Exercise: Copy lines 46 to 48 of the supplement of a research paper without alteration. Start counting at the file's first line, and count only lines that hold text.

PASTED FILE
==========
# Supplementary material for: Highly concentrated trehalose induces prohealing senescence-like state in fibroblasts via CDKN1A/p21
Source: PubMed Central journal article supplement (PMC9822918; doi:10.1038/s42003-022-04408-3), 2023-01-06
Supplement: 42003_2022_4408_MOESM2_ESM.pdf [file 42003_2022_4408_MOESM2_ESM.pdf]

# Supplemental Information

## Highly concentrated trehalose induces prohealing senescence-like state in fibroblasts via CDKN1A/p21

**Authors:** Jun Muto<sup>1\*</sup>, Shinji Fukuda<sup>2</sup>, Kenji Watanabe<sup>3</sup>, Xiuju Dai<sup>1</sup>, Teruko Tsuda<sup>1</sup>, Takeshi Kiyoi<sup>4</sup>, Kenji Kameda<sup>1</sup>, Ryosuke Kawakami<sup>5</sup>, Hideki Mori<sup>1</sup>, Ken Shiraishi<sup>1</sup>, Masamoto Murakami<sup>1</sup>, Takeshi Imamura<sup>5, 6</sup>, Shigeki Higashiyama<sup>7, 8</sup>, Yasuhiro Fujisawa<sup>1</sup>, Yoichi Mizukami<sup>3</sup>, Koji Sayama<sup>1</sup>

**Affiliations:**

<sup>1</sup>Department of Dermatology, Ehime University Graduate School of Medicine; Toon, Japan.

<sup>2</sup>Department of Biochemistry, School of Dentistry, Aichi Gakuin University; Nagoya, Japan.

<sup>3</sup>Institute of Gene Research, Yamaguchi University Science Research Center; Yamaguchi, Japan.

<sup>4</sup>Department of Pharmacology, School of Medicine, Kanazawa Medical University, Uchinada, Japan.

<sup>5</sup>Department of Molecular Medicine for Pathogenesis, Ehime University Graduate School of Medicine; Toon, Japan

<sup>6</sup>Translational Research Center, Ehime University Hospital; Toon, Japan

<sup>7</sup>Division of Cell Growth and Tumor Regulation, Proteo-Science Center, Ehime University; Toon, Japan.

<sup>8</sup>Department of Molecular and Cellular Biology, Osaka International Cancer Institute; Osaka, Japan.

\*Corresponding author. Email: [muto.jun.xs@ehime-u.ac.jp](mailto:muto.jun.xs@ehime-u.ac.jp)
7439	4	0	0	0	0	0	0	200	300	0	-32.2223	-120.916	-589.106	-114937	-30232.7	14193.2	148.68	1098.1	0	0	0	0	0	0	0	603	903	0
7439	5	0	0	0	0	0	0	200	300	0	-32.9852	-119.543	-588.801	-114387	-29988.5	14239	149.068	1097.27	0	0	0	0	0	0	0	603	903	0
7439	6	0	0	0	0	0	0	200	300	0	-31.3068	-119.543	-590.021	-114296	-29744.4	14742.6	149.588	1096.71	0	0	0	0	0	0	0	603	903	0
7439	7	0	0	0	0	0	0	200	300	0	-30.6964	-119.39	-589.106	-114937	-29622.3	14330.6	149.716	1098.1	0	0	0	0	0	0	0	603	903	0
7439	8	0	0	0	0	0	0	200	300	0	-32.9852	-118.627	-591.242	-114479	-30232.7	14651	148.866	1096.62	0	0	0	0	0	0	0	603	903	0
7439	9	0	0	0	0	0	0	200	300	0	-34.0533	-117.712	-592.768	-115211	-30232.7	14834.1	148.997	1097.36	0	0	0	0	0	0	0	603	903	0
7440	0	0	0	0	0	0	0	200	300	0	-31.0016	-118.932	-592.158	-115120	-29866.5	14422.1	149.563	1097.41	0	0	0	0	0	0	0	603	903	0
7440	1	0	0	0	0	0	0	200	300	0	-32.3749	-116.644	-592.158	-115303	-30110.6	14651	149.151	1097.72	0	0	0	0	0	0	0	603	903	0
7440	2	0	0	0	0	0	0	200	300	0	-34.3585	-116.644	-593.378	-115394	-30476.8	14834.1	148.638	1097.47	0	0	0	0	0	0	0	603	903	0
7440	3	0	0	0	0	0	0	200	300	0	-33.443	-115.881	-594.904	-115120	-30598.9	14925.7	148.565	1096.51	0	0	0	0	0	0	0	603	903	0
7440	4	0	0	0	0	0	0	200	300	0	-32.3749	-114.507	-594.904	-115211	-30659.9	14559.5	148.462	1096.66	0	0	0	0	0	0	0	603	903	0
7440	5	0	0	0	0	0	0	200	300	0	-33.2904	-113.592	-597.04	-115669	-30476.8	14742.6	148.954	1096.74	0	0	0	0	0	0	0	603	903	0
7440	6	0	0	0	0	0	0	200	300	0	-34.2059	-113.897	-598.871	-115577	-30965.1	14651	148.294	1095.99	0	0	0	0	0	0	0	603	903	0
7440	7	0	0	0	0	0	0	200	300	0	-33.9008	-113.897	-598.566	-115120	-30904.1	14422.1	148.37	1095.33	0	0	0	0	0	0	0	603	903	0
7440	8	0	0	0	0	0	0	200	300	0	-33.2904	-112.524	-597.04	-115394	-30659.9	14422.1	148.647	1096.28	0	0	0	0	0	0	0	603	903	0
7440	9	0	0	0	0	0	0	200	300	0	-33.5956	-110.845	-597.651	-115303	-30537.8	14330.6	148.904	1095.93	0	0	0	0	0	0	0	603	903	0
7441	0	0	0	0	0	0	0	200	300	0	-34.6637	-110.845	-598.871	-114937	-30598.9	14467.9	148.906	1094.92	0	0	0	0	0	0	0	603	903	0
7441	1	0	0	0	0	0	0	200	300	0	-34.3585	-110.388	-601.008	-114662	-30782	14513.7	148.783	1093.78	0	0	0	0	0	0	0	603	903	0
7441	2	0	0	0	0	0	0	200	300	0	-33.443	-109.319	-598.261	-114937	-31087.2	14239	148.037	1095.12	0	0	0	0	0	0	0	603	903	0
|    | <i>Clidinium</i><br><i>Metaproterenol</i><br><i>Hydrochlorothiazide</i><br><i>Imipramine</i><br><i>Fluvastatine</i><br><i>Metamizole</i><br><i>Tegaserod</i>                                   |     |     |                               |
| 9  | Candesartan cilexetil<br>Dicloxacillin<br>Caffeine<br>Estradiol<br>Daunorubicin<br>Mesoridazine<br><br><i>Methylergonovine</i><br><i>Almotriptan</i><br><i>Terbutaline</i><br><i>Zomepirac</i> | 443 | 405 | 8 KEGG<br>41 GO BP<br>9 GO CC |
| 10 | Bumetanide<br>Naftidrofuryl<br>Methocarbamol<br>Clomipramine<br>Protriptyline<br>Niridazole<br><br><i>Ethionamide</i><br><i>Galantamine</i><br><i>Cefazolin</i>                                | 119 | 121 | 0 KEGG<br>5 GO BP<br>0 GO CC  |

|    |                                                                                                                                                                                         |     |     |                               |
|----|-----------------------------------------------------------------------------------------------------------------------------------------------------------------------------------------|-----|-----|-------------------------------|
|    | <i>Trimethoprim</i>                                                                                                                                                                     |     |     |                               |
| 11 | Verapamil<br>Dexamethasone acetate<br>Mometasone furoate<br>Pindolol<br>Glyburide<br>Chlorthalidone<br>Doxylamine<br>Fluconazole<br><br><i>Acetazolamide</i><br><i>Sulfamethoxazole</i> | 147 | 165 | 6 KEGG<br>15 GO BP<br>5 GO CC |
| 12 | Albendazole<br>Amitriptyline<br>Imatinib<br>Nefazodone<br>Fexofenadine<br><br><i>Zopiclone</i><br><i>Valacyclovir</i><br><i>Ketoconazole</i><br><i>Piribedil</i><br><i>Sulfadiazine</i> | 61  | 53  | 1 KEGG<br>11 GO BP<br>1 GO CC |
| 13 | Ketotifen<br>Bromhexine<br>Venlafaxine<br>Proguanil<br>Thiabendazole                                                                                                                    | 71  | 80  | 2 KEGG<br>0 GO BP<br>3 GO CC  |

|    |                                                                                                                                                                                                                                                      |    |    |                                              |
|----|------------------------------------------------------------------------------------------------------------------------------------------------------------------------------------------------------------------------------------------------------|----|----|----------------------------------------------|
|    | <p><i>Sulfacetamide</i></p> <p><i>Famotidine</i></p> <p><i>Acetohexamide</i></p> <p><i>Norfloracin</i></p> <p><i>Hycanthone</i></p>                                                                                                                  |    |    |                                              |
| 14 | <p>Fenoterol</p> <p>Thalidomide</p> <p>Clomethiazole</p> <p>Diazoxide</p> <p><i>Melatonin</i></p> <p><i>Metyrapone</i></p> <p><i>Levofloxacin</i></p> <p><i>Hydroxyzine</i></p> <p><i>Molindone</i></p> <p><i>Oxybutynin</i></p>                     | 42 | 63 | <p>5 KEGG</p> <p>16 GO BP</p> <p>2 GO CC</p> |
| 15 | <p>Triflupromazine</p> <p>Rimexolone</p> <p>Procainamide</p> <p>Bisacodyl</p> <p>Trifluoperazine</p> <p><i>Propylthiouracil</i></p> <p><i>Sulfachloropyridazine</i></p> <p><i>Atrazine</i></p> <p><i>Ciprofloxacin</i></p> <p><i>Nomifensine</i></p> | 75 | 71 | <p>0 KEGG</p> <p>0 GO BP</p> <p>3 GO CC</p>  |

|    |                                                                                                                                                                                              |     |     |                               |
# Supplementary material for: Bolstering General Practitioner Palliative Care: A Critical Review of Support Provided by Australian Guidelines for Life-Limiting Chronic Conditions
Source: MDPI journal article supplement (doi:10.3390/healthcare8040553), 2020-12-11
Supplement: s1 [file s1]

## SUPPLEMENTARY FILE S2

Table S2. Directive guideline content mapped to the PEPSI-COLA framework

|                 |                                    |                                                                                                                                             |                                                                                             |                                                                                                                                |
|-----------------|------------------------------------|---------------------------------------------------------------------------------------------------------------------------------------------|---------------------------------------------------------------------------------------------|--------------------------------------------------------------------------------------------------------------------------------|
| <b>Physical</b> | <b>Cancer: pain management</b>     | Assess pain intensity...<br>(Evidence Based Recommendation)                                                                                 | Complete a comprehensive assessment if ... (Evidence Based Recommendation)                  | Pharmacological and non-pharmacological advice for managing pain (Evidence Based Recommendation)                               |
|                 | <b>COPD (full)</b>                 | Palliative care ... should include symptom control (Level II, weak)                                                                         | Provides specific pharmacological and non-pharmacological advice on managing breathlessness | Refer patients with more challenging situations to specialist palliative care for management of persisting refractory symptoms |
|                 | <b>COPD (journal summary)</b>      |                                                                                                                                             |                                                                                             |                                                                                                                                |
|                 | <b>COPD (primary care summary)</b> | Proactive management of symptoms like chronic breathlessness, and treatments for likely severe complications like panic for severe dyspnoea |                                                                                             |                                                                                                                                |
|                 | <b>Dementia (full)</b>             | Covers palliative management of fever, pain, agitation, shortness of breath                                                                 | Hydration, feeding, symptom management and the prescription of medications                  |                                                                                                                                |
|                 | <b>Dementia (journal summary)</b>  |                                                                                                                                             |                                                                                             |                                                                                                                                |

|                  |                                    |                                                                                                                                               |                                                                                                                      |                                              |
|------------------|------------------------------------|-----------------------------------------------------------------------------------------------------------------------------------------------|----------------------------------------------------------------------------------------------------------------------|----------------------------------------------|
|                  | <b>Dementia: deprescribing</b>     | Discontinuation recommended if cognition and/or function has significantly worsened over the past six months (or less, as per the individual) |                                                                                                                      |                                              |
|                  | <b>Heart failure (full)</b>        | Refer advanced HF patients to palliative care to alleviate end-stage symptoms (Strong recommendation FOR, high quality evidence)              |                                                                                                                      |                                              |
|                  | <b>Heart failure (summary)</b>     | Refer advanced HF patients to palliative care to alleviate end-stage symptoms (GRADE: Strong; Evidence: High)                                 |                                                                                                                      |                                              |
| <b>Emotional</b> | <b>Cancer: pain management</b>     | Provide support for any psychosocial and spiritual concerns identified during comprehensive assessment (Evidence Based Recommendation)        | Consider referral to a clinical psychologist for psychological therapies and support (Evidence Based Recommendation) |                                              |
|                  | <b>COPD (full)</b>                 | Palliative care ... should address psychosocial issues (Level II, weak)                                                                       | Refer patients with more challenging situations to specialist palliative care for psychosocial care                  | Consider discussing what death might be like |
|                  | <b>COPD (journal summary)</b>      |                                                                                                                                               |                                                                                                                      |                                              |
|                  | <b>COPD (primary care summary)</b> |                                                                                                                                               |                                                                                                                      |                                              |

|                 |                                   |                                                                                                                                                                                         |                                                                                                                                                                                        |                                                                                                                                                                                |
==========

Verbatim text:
|----|------------------------------------------------------------------------------------------------------------------------------------------------------------------------------------------------------------------------------------------------------|----|----|----------------------------------------------|
|    | <p><i>Sulfacetamide</i></p> <p><i>Famotidine</i></p> <p><i>Acetohexamide</i></p> <p><i>Norfloracin</i></p> <p><i>Hycanthone</i></p>                                                                                                                  |    |    |                                              |
| 14 | <p>Fenoterol</p> <p>Thalidomide</p> <p>Clomethiazole</p> <p>Diazoxide</p> <p><i>Melatonin</i></p> <p><i>Metyrapone</i></p> <p><i>Levofloxacin</i></p> <p><i>Hydroxyzine</i></p> <p><i>Molindone</i></p> <p><i>Oxybutynin</i></p>                     | 42 | 63 | <p>5 KEGG</p> <p>16 GO BP</p> <p>2 GO CC</p> |